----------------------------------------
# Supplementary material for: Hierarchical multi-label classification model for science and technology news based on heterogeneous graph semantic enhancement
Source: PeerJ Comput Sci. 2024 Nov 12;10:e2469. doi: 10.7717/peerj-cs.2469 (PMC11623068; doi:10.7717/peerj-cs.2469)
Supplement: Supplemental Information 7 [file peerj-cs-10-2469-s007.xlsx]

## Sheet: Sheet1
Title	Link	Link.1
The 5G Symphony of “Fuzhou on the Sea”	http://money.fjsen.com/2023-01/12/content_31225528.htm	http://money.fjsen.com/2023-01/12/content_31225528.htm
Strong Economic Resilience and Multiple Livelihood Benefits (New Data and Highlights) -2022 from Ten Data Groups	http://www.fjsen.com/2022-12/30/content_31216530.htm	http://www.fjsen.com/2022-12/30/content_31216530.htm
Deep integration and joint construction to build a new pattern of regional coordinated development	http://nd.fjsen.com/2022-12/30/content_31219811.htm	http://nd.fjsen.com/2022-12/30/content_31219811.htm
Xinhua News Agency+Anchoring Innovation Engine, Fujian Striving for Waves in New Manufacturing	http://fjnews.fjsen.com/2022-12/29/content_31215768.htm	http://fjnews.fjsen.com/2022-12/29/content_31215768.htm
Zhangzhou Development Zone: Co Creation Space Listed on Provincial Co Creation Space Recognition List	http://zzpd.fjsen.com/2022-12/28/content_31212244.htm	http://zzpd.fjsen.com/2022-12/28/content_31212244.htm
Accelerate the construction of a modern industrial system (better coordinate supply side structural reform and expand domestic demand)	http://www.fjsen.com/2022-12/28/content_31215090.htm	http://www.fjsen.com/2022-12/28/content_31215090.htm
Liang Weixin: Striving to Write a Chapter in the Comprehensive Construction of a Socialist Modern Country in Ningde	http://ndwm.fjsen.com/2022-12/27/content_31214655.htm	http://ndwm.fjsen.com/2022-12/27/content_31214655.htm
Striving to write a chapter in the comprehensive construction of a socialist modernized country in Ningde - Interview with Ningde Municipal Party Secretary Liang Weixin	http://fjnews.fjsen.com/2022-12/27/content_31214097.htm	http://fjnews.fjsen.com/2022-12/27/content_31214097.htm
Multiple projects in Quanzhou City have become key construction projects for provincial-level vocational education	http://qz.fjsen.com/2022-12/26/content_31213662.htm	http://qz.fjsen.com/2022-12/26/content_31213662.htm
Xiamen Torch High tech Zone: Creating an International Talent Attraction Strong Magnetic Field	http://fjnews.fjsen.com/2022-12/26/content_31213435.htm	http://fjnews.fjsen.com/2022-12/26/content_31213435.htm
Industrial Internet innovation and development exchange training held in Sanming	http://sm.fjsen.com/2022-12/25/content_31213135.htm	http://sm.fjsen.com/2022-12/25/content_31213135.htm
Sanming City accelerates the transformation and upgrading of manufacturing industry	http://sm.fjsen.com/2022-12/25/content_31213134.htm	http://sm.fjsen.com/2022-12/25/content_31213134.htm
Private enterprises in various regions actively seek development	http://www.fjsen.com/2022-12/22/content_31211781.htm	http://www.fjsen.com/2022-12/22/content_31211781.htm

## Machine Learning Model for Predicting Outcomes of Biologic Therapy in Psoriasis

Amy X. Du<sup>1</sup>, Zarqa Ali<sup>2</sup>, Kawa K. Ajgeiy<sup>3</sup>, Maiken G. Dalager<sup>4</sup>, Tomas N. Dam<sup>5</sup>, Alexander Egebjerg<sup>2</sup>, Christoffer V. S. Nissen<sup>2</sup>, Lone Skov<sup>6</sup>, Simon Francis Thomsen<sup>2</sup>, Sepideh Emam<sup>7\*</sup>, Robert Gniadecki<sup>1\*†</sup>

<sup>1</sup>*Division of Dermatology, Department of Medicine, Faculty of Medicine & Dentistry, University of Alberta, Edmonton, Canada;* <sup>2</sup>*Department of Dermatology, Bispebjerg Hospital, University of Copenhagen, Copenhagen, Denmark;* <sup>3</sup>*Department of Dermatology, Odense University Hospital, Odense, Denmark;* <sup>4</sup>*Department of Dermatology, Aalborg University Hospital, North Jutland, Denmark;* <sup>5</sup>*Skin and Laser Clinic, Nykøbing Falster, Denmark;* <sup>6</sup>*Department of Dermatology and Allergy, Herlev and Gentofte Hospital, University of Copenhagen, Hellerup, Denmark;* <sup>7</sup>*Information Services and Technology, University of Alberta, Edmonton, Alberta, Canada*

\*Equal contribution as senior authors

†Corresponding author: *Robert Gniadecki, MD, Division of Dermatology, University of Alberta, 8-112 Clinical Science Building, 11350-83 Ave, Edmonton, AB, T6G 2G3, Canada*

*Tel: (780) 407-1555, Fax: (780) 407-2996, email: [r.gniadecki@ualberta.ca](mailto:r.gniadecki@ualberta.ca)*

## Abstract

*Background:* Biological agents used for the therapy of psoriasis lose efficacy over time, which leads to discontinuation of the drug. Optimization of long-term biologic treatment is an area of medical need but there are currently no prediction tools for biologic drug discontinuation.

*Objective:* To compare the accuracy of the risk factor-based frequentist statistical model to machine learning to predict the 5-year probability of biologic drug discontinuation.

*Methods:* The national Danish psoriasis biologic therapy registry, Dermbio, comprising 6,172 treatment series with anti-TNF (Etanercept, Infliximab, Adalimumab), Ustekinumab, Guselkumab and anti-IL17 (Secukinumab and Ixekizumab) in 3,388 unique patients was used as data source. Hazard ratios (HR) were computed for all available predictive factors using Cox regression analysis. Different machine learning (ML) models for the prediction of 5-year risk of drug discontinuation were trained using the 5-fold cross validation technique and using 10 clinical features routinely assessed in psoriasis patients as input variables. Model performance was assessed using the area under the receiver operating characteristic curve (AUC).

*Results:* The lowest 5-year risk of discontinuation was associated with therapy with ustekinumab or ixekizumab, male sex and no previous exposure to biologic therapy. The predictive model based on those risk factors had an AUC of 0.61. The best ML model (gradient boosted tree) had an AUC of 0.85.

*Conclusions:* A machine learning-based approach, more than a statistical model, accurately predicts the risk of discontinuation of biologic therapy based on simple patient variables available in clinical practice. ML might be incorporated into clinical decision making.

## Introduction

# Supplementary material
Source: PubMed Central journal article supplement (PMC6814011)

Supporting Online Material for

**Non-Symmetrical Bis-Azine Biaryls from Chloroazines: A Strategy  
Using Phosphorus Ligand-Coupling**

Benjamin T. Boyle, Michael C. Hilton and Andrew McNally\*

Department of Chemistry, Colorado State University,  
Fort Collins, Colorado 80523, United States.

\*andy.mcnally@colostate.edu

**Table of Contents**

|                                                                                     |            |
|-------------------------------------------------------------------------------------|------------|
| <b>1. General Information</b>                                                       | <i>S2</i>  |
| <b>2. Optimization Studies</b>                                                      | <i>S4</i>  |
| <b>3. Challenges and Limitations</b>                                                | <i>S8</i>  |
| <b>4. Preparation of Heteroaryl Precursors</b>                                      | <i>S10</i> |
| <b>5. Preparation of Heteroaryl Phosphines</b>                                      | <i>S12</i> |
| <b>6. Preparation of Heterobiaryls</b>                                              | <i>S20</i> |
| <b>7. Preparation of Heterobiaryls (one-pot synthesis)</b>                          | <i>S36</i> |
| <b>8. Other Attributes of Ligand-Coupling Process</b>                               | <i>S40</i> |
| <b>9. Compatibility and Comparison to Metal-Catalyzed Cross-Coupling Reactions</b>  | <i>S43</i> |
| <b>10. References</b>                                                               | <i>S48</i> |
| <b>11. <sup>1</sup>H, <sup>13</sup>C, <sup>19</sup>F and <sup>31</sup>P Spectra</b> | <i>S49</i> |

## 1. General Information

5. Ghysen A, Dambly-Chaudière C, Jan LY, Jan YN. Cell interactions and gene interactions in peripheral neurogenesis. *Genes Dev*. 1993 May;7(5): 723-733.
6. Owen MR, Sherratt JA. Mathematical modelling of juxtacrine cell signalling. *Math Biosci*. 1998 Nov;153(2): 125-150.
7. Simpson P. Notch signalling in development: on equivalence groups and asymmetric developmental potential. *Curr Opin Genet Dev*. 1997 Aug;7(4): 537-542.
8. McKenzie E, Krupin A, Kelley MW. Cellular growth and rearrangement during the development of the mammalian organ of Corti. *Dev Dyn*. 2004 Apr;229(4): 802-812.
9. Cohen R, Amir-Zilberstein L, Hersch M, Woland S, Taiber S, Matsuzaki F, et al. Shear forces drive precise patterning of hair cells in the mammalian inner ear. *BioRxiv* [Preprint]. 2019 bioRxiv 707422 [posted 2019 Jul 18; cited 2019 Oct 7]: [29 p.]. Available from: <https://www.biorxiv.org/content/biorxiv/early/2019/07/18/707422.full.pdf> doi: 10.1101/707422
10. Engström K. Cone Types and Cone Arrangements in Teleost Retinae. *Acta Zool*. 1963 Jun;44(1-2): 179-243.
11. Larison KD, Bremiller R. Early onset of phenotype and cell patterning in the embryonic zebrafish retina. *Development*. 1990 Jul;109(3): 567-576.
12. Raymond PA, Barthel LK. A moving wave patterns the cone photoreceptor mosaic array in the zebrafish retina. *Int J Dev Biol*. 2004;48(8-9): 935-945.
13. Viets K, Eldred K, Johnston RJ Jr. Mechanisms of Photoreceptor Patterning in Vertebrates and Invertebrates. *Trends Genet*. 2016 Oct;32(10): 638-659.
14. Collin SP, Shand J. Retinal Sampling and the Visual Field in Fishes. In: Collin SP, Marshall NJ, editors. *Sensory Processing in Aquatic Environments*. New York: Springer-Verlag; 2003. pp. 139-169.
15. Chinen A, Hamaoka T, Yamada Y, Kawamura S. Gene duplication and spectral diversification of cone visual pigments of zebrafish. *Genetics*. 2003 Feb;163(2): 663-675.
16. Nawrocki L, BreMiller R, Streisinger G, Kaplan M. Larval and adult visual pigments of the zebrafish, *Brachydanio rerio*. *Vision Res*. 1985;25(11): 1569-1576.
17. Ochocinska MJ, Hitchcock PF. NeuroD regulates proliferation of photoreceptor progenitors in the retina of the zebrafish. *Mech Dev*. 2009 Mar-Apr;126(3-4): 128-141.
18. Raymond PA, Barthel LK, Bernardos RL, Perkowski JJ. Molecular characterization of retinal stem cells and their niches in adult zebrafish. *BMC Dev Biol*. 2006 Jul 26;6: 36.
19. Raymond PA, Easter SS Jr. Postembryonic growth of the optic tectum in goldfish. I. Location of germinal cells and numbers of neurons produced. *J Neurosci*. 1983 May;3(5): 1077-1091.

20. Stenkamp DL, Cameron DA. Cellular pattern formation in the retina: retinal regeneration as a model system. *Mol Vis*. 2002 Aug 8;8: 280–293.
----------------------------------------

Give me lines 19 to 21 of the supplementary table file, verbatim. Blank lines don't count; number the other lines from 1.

## Machine Learning Model for Predicting Outcomes of Biologic Therapy in Psoriasis

Amy X. Du<sup>1</sup>, Zarqa Ali<sup>2</sup>, Kawa K. Ajgeiy<sup>3</sup>, Maiken G. Dalager<sup>4</sup>, Tomas N. Dam<sup>5</sup>, Alexander Egebjerg<sup>2</sup>, Christoffer V. S. Nissen<sup>2</sup>, Lone Skov<sup>6</sup>, Simon Francis Thomsen<sup>2</sup>, Sepideh Emam<sup>7\*</sup>, Robert Gniadecki<sup>1\*†</sup>

<sup>1</sup>*Division of Dermatology, Department of Medicine, Faculty of Medicine & Dentistry, University of Alberta, Edmonton, Canada;* <sup>2</sup>*Department of Dermatology, Bispebjerg Hospital, University of Copenhagen, Copenhagen, Denmark;* <sup>3</sup>*Department of Dermatology, Odense University Hospital, Odense, Denmark;* <sup>4</sup>*Department of Dermatology, Aalborg University Hospital, North Jutland, Denmark;* <sup>5</sup>*Skin and Laser Clinic, Nykøbing Falster, Denmark;* <sup>6</sup>*Department of Dermatology and Allergy, Herlev and Gentofte Hospital, University of Copenhagen, Hellerup, Denmark;* <sup>7</sup>*Information Services and Technology, University of Alberta, Edmonton, Alberta, Canada*